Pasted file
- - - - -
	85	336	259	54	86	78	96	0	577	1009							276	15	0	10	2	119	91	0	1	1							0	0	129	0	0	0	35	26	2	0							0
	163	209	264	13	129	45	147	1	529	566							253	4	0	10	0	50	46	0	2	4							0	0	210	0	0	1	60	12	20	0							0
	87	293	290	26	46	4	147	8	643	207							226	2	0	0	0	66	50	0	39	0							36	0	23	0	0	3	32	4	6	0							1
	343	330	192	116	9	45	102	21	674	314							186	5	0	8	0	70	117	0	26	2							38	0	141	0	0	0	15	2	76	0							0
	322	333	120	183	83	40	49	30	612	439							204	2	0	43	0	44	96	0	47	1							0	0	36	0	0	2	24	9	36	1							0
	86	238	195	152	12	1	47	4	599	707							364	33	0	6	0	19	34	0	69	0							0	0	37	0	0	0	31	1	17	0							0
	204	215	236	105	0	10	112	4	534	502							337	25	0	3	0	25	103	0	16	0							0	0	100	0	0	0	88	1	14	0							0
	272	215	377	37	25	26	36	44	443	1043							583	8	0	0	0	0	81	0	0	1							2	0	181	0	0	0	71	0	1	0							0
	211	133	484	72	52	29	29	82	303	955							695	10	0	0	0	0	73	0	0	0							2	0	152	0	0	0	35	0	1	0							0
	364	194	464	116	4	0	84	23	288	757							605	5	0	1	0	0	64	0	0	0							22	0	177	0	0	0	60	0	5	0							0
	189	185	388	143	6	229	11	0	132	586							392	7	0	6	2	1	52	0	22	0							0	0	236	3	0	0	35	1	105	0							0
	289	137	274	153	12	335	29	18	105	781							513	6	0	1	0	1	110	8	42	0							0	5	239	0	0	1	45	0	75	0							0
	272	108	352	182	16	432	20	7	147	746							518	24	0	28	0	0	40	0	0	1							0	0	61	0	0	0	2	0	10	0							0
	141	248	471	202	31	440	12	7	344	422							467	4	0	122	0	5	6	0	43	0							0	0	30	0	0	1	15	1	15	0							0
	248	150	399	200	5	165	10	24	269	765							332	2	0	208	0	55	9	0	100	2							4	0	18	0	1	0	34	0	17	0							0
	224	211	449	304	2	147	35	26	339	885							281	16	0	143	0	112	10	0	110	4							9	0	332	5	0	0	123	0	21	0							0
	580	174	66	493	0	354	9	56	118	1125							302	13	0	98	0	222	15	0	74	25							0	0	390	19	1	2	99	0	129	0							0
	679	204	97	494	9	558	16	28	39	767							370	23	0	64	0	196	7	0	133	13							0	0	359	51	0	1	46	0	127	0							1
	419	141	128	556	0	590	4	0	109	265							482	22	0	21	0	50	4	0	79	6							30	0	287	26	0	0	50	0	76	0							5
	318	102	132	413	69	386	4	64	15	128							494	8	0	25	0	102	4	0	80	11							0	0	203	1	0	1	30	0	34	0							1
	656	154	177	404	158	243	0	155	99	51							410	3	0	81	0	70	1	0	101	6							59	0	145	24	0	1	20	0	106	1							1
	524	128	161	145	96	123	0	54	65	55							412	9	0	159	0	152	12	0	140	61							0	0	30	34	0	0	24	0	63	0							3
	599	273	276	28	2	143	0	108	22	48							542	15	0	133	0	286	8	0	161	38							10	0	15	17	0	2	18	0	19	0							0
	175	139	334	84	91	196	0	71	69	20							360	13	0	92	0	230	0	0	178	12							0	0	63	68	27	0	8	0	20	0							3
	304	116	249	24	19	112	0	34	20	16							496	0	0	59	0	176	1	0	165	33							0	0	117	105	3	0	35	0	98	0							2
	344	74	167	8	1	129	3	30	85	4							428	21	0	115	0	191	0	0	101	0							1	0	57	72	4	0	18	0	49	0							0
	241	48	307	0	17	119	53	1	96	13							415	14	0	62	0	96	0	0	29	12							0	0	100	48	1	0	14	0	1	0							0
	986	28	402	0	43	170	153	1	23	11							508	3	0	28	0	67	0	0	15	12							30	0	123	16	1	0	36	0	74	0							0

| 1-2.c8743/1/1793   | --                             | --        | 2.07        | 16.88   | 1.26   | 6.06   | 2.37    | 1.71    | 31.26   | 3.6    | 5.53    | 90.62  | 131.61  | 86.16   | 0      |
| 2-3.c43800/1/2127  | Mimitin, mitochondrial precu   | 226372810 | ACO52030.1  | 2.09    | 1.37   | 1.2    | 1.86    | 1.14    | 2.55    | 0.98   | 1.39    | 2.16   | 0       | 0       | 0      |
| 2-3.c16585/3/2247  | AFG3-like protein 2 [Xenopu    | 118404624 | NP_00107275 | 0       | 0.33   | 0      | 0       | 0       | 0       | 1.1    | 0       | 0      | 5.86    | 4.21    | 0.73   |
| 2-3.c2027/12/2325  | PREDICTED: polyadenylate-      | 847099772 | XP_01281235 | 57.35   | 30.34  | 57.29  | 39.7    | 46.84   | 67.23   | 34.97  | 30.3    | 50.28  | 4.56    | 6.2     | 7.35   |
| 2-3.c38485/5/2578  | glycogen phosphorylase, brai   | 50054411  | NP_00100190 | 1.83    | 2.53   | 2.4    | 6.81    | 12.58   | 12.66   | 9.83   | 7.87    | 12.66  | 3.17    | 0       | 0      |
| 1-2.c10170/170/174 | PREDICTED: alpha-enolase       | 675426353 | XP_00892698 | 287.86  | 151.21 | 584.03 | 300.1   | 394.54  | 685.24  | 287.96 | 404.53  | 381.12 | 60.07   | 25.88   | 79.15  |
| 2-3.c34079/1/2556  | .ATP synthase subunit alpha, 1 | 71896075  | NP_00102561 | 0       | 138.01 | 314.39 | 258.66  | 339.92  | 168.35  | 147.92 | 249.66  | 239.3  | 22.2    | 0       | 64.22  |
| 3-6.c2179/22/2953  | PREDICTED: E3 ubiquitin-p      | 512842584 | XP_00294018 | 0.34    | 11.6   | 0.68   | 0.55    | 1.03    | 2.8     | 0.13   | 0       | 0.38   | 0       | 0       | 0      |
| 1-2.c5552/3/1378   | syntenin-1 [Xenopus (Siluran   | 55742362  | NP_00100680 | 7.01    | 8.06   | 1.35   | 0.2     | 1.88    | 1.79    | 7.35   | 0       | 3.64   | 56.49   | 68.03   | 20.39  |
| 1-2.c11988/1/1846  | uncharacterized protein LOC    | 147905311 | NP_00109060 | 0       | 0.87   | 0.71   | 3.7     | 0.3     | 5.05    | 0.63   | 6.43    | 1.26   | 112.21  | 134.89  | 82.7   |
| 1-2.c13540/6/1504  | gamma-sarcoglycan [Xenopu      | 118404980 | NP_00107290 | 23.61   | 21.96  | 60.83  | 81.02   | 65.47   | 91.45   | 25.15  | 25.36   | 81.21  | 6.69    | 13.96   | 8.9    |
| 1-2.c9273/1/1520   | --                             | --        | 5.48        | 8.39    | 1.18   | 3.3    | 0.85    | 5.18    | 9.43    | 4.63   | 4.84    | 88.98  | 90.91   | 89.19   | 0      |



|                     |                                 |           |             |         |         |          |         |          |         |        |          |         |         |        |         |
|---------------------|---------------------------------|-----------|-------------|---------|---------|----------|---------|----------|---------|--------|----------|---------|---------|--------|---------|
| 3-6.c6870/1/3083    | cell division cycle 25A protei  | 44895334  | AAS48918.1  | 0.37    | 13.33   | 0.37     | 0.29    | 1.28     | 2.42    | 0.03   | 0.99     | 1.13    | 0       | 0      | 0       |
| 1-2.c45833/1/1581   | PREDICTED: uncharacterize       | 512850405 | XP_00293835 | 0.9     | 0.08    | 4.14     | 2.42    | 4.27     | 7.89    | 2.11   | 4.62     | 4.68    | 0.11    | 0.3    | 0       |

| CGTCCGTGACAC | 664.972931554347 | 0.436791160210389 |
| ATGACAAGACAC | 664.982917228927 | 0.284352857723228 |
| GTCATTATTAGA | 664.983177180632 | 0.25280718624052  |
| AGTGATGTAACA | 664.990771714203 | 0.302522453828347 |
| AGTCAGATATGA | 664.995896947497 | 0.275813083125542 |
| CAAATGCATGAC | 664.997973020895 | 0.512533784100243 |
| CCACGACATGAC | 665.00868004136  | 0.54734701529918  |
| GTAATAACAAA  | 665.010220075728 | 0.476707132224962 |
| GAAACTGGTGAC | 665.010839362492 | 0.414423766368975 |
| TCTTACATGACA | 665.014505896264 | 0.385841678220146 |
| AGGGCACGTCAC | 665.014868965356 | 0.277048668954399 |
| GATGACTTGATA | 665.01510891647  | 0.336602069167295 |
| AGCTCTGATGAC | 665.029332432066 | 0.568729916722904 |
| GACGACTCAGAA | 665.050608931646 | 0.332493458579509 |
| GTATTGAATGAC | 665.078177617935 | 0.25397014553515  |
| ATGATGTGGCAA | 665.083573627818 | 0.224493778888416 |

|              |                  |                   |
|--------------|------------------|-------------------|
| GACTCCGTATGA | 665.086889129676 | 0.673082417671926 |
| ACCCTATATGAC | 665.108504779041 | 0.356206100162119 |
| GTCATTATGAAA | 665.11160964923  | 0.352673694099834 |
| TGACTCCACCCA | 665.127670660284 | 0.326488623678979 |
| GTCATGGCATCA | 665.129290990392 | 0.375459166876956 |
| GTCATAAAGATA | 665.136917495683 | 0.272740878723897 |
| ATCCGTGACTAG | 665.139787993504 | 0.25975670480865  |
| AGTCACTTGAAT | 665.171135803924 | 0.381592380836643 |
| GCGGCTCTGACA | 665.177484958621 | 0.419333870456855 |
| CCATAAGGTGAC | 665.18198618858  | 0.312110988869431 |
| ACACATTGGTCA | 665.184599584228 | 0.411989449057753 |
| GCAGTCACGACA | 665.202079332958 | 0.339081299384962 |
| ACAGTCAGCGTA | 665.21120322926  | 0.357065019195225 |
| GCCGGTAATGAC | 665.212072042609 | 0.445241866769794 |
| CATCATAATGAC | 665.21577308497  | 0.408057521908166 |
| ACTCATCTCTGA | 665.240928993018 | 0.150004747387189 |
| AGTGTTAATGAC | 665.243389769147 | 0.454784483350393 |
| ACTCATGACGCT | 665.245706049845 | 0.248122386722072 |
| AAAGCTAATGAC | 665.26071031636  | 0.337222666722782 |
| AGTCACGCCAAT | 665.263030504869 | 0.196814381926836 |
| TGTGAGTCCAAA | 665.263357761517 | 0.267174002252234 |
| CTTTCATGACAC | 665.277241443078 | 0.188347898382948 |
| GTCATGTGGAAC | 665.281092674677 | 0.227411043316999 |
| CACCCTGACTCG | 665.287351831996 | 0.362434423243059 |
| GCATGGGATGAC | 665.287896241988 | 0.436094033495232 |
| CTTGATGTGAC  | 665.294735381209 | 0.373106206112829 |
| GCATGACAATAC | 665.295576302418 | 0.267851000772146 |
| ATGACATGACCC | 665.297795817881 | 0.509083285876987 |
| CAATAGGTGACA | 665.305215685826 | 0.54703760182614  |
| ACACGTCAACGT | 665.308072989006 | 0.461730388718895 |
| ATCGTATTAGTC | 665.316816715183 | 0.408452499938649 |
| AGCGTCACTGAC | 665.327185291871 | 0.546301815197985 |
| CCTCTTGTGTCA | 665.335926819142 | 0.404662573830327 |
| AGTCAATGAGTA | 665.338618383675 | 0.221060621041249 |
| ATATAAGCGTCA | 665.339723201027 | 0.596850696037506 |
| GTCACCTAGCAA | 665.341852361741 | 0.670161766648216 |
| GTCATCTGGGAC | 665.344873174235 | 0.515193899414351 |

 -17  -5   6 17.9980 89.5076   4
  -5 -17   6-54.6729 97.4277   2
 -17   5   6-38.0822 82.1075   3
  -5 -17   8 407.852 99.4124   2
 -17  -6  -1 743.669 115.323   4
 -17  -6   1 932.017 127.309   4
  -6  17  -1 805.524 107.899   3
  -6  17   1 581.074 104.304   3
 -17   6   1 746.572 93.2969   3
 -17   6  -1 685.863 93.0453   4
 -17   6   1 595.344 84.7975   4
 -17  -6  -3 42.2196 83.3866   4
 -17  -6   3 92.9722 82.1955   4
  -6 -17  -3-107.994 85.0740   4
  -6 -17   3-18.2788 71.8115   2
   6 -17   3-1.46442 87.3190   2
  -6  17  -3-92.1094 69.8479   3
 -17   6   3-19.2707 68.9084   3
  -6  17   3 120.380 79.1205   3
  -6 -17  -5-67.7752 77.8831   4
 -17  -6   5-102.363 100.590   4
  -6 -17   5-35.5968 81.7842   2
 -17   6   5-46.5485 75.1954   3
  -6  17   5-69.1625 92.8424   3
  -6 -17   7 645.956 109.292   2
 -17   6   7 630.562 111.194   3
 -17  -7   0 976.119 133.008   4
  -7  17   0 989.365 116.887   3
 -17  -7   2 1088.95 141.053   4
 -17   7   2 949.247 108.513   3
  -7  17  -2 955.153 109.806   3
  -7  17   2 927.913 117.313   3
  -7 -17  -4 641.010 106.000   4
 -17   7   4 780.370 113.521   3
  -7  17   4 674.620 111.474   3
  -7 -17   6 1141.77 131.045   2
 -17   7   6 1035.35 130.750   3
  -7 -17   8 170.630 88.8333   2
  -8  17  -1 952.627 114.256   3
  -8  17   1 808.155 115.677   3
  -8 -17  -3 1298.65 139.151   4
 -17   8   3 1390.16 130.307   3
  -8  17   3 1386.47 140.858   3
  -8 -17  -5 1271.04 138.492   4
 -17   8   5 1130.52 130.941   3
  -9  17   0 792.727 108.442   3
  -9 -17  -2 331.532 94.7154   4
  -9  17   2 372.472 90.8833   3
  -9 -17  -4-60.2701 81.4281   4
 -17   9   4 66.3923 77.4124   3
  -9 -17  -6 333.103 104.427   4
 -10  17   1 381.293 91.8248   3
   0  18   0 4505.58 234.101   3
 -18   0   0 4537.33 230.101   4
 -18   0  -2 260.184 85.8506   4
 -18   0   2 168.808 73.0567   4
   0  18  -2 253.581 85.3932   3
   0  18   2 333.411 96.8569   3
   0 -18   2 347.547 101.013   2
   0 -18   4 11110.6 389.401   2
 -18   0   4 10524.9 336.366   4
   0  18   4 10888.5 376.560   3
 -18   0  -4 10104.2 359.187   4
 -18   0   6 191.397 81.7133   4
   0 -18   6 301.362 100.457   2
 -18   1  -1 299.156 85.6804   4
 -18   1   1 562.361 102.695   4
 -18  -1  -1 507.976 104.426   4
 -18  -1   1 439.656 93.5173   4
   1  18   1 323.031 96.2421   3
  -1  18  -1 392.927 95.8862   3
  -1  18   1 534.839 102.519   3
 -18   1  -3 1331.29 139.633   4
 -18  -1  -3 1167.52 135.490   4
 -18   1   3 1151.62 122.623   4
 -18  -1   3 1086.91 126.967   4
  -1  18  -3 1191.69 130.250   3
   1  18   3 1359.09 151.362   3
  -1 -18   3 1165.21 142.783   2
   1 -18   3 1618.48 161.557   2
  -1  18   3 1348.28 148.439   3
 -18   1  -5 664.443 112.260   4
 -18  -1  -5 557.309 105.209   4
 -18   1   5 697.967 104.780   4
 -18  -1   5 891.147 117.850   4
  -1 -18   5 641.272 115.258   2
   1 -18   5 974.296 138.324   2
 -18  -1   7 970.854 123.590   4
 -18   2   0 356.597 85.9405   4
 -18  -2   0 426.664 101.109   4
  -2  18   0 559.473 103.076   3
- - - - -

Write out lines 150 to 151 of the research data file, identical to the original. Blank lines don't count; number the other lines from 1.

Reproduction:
  -9 -17  -6 333.103 104.427   4
 -10  17   1 381.293 91.8248   3